Book review - French Exit

Patrick deWitt’s latest novel, French Exit, once again delivers the same dark and witty humour that he has expertly sewn into all of his previous works, but this time it’s applied to a tale of family drama. However, unlike his last book Undermajordomo Minor or the critically-panned hit The Sisters Brothers, the Canadian author’s fourth novel is also depressingly bleak to its core. The story follows 65-year-old widow Frances Price — a prideful, tart and possessive upper class socialite — and her 32-year-old son Malcolm — a bored, self-loathing manchild with no discernible direction in life — through, what deWitt calls, “a tragedy of manners,” where comedy and tragedy go hand-in-hand, and where the ride is more satisfying than the destination.

French Exit.jpg

Frances was born into money, then married up into more money. Such privileges have allowed  her to indulge in a lifestyle of excess without ever having to work. In her prime, Frances was admired with dignity and prestige. But her poor handling of her husband Frank’s death, some years back, caused her and Malcolm to be ostracized from the rest of high society. Ever since then, the two have been burning through their family fortune well into impending bankruptcy. In order to escape from the clutches of embarrassment and destitution (but mostly embarrassment), the pair — along with their cat, Small Frank — flee to Paris, France by way of ocean cruise after hastily liquidating what little assets they had left.

Once in Paris, the close-knit mother and son are put up in a vacant apartment by Frances’ only real friend, Joan. Immediately afterwards, they resort to their old grandiose habits, purchasing expensive gifts, drinking heavily, and all around spending money they don’t have towards their self-destruction and financial ruin; Although, this time in a foreign city where there’s no one to recognize them. No one to judge. It is at this point that the story hits a snag, wandering into aimless territory only to try and tie itself back together at the end.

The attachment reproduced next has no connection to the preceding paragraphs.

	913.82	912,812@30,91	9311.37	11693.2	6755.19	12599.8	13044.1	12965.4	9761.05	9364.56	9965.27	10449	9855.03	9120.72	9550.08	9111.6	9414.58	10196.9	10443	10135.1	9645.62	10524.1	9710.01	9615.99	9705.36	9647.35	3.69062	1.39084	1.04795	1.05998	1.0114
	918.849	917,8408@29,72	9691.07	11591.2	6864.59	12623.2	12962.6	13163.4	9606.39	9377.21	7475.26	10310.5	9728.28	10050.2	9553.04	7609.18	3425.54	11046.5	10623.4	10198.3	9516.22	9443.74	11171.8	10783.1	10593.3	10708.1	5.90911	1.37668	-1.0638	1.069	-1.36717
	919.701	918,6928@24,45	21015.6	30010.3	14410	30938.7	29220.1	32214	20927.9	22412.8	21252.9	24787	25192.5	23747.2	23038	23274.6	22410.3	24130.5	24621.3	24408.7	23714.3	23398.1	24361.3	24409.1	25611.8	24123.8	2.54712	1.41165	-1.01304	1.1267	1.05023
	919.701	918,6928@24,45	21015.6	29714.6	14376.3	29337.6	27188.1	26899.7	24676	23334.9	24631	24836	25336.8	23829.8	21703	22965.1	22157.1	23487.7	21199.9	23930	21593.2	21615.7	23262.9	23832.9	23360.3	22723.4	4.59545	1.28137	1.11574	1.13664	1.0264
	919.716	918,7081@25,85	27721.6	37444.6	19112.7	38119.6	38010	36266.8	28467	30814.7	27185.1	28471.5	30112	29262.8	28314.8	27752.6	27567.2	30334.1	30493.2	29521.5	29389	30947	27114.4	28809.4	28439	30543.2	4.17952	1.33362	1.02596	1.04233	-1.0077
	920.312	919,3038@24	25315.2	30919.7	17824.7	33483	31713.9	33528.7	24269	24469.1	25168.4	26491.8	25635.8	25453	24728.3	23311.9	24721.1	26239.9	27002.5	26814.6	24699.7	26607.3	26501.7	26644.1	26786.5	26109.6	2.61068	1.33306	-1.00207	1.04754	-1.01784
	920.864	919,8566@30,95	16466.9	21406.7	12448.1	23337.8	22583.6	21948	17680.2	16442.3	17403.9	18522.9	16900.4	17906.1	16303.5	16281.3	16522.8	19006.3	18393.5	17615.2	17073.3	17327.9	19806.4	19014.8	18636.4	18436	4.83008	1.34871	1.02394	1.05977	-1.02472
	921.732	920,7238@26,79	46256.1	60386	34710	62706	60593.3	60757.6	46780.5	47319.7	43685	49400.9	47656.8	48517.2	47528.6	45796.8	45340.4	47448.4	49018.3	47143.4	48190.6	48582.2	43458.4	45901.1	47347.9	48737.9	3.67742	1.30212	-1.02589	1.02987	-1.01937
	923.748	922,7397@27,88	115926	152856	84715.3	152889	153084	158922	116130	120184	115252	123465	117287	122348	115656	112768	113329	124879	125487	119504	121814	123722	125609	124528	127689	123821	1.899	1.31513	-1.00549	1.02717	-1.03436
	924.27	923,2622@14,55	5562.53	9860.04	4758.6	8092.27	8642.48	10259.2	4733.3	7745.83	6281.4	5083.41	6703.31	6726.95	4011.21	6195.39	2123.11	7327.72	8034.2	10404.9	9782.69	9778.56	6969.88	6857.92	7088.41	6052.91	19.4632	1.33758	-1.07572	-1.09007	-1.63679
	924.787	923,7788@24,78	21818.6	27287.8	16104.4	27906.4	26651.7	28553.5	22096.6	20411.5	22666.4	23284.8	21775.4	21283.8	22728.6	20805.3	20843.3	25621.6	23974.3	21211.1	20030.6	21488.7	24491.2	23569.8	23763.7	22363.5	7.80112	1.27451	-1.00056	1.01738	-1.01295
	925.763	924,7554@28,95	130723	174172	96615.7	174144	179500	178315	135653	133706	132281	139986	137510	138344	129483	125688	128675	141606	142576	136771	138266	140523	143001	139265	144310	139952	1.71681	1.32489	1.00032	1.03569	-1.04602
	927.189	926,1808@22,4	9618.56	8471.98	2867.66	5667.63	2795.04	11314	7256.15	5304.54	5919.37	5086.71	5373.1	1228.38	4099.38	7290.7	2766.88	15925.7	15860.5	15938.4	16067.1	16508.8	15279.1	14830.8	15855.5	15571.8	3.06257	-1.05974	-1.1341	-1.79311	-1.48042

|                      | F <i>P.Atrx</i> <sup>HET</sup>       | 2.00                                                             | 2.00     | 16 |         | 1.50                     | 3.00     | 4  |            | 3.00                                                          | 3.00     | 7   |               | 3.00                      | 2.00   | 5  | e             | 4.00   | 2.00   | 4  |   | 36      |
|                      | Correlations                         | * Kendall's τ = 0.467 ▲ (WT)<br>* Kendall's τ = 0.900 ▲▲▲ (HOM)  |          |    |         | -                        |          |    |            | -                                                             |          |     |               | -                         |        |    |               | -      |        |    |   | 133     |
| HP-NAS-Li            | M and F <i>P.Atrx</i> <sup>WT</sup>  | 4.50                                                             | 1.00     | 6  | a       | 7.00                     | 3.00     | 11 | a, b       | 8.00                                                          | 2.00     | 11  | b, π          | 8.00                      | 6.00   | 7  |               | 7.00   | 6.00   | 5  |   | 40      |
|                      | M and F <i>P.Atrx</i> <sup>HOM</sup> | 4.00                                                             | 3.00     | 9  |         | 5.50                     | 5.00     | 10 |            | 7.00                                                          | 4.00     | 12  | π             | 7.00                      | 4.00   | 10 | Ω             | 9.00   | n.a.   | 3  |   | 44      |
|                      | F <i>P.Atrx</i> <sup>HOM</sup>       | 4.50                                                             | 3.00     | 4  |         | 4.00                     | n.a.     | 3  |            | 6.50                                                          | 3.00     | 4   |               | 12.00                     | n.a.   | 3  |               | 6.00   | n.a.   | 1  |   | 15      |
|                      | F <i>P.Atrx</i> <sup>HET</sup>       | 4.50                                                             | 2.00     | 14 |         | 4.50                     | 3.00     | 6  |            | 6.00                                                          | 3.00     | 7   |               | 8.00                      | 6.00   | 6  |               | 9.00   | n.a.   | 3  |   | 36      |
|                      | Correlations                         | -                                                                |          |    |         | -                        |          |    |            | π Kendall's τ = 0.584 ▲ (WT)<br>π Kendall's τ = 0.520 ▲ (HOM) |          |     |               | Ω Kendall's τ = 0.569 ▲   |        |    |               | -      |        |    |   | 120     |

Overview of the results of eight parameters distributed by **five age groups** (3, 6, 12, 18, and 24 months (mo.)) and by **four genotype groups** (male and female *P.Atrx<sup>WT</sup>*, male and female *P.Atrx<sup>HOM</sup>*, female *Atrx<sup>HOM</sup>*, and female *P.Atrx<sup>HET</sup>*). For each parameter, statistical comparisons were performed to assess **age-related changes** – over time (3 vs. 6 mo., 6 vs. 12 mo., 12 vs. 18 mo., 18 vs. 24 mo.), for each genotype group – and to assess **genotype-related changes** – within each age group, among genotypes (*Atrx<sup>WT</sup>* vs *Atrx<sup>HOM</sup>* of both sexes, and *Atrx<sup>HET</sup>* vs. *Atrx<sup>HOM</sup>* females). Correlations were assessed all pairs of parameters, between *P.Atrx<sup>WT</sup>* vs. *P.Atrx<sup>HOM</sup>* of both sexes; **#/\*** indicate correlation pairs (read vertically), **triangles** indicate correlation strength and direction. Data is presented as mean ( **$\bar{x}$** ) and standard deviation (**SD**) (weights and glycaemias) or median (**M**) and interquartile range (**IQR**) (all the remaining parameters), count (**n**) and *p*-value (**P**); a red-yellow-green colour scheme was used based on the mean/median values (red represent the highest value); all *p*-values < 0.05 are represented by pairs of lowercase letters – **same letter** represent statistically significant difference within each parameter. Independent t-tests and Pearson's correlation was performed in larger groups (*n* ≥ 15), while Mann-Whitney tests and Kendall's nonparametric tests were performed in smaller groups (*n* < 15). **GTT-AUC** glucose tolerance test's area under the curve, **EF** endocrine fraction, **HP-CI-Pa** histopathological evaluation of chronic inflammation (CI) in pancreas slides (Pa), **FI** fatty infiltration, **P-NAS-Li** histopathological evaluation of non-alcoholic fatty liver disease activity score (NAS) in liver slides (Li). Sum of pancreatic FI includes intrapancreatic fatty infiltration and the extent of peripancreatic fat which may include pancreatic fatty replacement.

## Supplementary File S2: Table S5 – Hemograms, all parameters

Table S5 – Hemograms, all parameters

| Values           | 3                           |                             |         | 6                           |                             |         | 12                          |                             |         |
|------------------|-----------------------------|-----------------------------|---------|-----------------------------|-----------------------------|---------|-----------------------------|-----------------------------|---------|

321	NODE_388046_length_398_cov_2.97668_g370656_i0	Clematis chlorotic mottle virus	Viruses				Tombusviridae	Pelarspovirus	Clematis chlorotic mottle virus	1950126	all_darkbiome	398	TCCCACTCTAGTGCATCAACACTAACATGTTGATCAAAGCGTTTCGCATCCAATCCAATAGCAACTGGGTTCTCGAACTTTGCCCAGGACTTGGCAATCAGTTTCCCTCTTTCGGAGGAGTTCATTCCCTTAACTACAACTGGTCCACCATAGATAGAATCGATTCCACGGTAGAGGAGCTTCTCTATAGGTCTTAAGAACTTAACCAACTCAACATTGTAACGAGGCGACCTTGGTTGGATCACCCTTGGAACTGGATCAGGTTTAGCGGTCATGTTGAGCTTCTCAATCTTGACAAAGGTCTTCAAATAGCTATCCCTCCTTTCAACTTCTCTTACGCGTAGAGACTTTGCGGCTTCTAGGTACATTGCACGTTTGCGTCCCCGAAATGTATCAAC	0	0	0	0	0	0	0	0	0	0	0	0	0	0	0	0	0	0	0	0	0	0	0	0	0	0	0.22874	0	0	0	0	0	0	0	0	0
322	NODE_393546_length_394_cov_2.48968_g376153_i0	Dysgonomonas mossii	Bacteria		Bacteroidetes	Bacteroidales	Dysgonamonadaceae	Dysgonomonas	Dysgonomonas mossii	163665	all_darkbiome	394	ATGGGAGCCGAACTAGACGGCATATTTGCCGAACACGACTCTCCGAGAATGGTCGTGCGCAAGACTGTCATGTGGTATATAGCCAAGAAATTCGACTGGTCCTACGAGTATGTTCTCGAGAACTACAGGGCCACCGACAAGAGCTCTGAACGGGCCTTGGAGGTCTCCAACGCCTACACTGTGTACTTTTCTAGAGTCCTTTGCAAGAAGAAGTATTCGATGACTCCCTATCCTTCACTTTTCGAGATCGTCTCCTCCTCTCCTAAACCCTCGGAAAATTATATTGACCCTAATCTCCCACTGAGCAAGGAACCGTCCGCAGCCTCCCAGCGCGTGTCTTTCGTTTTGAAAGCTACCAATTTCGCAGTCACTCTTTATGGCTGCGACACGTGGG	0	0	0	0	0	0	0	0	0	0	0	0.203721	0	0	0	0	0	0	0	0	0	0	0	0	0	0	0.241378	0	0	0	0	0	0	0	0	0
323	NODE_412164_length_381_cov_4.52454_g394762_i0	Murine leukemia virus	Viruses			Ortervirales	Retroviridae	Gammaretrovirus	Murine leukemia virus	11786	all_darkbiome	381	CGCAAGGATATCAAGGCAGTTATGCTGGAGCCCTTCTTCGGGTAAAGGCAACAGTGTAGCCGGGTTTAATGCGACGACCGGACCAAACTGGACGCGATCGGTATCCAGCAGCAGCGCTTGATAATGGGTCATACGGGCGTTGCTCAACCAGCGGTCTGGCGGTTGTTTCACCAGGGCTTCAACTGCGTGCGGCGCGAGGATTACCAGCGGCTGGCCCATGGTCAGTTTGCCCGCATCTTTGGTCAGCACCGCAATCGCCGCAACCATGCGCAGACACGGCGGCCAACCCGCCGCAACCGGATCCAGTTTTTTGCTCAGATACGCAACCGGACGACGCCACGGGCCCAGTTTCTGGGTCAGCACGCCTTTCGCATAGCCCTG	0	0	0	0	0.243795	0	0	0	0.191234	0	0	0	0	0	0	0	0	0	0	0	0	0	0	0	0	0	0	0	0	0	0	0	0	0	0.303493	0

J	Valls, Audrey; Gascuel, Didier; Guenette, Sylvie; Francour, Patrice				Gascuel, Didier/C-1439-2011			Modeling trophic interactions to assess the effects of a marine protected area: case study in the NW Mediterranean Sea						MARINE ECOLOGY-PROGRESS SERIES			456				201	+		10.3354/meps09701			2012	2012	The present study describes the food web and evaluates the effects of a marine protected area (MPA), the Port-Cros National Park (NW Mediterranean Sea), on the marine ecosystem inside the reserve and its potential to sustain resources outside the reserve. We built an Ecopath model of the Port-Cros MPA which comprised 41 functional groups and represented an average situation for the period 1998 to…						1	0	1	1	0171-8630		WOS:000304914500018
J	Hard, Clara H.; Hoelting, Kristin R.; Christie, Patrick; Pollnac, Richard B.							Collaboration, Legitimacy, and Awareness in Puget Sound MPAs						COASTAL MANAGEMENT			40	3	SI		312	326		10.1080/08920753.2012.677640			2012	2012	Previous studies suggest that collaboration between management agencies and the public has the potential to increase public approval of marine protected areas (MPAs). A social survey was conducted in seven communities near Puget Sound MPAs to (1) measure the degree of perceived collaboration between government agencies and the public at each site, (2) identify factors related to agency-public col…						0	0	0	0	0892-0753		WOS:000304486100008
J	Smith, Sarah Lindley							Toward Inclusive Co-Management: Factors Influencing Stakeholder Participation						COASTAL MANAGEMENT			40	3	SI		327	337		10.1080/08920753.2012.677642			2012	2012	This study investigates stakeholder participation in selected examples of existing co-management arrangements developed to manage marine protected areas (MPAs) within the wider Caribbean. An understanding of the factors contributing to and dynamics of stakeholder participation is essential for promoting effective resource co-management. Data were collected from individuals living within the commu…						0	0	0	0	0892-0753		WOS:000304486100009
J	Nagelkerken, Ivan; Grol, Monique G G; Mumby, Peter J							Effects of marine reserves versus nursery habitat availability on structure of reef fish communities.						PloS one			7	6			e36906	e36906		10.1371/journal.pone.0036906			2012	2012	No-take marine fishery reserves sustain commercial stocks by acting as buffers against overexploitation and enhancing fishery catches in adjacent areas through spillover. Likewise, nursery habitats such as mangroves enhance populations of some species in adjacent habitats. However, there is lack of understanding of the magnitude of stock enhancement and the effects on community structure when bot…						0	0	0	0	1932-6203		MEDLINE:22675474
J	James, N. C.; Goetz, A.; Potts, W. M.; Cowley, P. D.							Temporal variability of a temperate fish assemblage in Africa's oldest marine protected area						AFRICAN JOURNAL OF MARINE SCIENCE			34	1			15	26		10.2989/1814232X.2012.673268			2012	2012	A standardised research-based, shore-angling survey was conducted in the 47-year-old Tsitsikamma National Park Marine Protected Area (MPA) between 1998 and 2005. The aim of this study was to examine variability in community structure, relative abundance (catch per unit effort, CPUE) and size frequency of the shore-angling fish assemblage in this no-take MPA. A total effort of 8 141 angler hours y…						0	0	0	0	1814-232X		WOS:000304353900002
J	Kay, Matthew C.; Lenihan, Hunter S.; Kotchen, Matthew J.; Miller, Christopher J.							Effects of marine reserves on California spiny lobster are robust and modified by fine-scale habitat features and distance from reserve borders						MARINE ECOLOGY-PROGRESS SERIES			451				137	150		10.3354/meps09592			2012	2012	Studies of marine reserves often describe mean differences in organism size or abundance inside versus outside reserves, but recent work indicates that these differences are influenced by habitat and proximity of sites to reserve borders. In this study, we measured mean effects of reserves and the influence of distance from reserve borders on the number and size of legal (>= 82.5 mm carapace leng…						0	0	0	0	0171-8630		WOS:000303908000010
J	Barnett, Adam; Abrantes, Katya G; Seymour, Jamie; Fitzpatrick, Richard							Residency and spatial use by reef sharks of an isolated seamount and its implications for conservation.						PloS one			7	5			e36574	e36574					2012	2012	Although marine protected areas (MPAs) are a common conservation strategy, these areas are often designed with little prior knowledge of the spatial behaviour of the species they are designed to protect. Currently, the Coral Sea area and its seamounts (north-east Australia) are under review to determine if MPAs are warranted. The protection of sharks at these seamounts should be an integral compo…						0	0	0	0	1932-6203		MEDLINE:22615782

On a positive note, a motley cast of peculiar characters are included to liven up the story and provide much-needed comic relief. There’s Madeleine, a penniless medium; Julius, a shy private investigator; Mme. Reynard, an overtly friendly American expat; and Susan, a young woman hopelessly in love with Malcolm. The interactions involving these characters range from delightfully pleasant to ridiculously absurd. Ultimately, it’s the Price matriarch Frances who steals the show. She’s uptight and quick with an insult but also capable of unexpected acts of kindness and love, and it’s her brush with existentialism that will garner sympathy from readers.

While there may be little to French Exit in terms of overall plot the small individual moments, character interactions, witty dialogue and deWitt’s wry, sardonically deadpan writing make this tragicomedy a page turner. At the very least, It amusingly explores the dynamics between mother and son, and the haves and have nots, emphasizing in its conclusion at least one ascertainable point: all good things must end.